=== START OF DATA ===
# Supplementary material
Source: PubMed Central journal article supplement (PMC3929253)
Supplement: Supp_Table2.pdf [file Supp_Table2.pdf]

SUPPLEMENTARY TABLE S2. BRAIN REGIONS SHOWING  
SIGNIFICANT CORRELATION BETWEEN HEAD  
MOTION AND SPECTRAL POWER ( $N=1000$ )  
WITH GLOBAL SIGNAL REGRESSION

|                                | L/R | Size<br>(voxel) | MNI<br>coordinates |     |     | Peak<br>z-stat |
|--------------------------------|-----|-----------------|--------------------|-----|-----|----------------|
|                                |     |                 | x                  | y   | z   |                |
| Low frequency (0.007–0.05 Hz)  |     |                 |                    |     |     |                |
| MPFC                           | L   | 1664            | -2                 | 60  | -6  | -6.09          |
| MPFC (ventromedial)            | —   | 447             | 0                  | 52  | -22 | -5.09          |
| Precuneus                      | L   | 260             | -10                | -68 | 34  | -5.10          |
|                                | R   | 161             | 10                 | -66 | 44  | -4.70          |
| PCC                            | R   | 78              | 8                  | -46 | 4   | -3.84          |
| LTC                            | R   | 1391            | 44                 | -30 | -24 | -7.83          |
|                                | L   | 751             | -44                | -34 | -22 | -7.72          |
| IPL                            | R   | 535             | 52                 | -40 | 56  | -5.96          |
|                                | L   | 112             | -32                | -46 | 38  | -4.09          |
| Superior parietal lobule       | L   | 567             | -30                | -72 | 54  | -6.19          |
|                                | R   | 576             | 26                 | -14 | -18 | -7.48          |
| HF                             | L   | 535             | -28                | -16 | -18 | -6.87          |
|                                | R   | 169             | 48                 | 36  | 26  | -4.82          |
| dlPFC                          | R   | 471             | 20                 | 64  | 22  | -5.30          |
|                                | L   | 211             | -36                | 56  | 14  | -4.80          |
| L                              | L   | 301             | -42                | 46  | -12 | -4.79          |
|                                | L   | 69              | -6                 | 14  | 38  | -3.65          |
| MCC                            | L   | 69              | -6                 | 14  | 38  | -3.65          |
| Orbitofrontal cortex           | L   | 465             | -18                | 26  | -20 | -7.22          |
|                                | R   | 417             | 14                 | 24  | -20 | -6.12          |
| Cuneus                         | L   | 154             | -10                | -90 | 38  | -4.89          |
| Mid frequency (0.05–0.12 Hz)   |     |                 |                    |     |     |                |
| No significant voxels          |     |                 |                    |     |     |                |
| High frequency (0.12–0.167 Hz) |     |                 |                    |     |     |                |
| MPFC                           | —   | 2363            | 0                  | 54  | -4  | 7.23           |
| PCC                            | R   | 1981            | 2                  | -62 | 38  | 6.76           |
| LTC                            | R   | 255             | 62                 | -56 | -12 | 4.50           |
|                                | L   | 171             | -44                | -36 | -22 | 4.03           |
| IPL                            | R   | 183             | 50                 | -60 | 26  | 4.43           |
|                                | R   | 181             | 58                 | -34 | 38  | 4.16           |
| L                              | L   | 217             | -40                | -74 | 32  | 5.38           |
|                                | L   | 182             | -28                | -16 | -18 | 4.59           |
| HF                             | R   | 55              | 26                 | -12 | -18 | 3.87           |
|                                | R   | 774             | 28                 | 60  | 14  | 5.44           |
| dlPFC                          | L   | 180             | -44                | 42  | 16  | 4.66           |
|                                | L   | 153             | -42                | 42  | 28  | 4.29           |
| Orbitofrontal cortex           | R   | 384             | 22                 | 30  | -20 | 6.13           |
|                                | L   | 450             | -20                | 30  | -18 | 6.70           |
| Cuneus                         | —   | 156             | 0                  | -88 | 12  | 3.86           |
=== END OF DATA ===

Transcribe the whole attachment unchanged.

# Supplementary material
Source: PubMed Central journal article supplement (PMC3929253)
Supplement: Supp_Table2.pdf [file Supp_Table2.pdf]

SUPPLEMENTARY TABLE S2. BRAIN REGIONS SHOWING  
SIGNIFICANT CORRELATION BETWEEN HEAD  
MOTION AND SPECTRAL POWER ( $N=1000$ )  
WITH GLOBAL SIGNAL REGRESSION

|                                | L/R | Size<br>(voxel) | MNI<br>coordinates |     |     | Peak<br>z-stat |
|--------------------------------|-----|-----------------|--------------------|-----|-----|----------------|
|                                |     |                 | x                  | y   | z   |                |
| Low frequency (0.007–0.05 Hz)  |     |                 |                    |     |     |                |
| MPFC                           | L   | 1664            | -2                 | 60  | -6  | -6.09          |
| MPFC (ventromedial)            | —   | 447             | 0                  | 52  | -22 | -5.09          |
| Precuneus                      | L   | 260             | -10                | -68 | 34  | -5.10          |
|                                | R   | 161             | 10                 | -66 | 44  | -4.70          |
| PCC                            | R   | 78              | 8                  | -46 | 4   | -3.84          |
| LTC                            | R   | 1391            | 44                 | -30 | -24 | -7.83          |
|                                | L   | 751             | -44                | -34 | -22 | -7.72          |
| IPL                            | R   | 535             | 52                 | -40 | 56  | -5.96          |
|                                | L   | 112             | -32                | -46 | 38  | -4.09          |
| Superior parietal lobule       | L   | 567             | -30                | -72 | 54  | -6.19          |
|                                | R   | 576             | 26                 | -14 | -18 | -7.48          |
| HF                             | L   | 535             | -28                | -16 | -18 | -6.87          |
|                                | R   | 169             | 48                 | 36  | 26  | -4.82          |
| dlPFC                          | R   | 471             | 20                 | 64  | 22  | -5.30          |
|                                | L   | 211             | -36                | 56  | 14  | -4.80          |
| L                              | L   | 301             | -42                | 46  | -12 | -4.79          |
|                                | L   | 69              | -6                 | 14  | 38  | -3.65          |
| MCC                            | L   | 69              | -6                 | 14  | 38  | -3.65          |
| Orbitofrontal cortex           | L   | 465             | -18                | 26  | -20 | -7.22          |
|                                | R   | 417             | 14                 | 24  | -20 | -6.12          |
| Cuneus                         | L   | 154             | -10                | -90 | 38  | -4.89          |
| Mid frequency (0.05–0.12 Hz)   |     |                 |                    |     |     |                |
| No significant voxels          |     |                 |                    |     |     |                |
| High frequency (0.12–0.167 Hz) |     |                 |                    |     |     |                |
| MPFC                           | —   | 2363            | 0                  | 54  | -4  | 7.23           |
| PCC                            | R   | 1981            | 2                  | -62 | 38  | 6.76           |
| LTC                            | R   | 255             | 62                 | -56 | -12 | 4.50           |
|                                | L   | 171             | -44                | -36 | -22 | 4.03           |
| IPL                            | R   | 183             | 50                 | -60 | 26  | 4.43           |
|                                | R   | 181             | 58                 | -34 | 38  | 4.16           |
| L                              | L   | 217             | -40                | -74 | 32  | 5.38           |
|                                | L   | 182             | -28                | -16 | -18 | 4.59           |
| HF                             | R   | 55              | 26                 | -12 | -18 | 3.87           |
|                                | R   | 774             | 28                 | 60  | 14  | 5.44           |
| dlPFC                          | L   | 180             | -44                | 42  | 16  | 4.66           |
|                                | L   | 153             | -42                | 42  | 28  | 4.29           |
| Orbitofrontal cortex           | R   | 384             | 22                 | 30  | -20 | 6.13           |
|                                | L   | 450             | -20                | 30  | -18 | 6.70           |
| Cuneus                         | —   | 156             | 0                  | -88 | 12  | 3.86           |